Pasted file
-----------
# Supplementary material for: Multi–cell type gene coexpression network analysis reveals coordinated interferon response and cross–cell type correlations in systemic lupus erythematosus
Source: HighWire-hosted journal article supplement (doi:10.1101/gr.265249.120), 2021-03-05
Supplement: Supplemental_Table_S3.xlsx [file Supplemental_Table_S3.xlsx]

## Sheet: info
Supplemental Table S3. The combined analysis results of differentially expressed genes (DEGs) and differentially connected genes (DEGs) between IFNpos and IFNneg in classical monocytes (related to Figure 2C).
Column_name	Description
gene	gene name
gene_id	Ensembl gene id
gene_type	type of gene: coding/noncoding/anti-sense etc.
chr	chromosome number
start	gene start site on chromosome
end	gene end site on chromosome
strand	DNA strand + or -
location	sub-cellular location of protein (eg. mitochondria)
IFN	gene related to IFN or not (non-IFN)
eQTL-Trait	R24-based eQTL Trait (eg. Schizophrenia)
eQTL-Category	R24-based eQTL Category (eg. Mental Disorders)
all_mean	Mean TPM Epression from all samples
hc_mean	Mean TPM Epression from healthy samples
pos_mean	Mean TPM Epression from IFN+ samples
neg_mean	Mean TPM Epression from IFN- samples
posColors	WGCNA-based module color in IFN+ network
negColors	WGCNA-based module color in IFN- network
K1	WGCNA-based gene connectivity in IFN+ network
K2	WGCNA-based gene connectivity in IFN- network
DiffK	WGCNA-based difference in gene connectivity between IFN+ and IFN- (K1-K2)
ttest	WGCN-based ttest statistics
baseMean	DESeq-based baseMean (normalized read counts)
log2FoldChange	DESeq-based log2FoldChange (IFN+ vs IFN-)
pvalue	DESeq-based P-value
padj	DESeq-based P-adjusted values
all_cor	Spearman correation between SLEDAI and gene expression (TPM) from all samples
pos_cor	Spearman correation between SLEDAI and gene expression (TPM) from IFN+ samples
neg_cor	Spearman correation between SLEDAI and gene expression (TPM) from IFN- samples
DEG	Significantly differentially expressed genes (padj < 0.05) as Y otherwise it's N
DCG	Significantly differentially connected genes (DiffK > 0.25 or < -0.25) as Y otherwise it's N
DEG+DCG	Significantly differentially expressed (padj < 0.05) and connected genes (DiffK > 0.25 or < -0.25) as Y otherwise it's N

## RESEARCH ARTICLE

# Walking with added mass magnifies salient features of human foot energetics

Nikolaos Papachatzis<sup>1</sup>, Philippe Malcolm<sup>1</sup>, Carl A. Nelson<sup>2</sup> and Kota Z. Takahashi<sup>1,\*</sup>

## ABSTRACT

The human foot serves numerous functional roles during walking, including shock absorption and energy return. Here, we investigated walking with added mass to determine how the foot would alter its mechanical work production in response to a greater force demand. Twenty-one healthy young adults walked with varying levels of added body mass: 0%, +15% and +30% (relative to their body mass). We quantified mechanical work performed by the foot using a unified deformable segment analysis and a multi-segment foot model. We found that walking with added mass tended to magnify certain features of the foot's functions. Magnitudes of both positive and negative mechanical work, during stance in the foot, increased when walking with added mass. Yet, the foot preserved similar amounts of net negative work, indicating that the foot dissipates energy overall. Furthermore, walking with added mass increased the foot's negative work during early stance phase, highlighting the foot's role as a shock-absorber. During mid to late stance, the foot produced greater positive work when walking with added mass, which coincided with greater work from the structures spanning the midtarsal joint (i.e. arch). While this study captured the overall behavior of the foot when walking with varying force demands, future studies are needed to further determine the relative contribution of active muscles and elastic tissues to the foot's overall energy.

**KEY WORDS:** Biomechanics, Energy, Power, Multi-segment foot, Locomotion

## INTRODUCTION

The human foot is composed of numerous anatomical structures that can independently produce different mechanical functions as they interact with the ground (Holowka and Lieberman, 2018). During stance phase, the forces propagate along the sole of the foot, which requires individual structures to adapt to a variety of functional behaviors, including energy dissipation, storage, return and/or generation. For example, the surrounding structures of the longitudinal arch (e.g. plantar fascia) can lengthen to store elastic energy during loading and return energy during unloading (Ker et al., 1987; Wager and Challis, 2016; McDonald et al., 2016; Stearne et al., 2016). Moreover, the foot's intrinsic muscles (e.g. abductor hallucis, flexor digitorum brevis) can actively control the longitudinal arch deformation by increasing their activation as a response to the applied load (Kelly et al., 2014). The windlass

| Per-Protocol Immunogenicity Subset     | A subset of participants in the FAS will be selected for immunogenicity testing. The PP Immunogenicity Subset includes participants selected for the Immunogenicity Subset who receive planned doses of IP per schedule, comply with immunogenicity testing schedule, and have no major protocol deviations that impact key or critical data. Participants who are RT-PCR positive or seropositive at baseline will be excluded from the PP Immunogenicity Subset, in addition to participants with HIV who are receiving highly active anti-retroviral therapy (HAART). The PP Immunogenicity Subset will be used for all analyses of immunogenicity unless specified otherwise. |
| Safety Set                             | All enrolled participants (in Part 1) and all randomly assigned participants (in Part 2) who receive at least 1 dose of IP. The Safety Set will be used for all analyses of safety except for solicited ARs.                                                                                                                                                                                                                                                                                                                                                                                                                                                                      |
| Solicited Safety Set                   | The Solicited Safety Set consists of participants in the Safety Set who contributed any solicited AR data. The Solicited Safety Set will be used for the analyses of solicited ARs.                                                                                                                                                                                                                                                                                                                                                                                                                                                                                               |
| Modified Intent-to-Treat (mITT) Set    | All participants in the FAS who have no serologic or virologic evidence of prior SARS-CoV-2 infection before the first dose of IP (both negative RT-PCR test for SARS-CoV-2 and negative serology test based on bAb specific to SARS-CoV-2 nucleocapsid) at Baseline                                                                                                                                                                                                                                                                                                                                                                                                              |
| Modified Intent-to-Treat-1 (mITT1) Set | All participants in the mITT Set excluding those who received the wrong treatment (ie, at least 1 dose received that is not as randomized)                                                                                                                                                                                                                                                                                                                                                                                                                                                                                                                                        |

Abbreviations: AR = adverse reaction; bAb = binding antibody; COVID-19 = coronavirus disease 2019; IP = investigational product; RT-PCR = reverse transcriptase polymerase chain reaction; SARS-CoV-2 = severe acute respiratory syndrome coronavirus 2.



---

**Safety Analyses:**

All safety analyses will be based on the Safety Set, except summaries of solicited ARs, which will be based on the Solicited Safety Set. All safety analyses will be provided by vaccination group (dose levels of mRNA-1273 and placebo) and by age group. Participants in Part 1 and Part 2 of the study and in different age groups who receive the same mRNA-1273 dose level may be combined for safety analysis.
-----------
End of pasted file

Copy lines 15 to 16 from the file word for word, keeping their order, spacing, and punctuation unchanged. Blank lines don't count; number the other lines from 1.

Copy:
IFN	gene related to IFN or not (non-IFN)
eQTL-Trait	R24-based eQTL Trait (eg. Schizophrenia)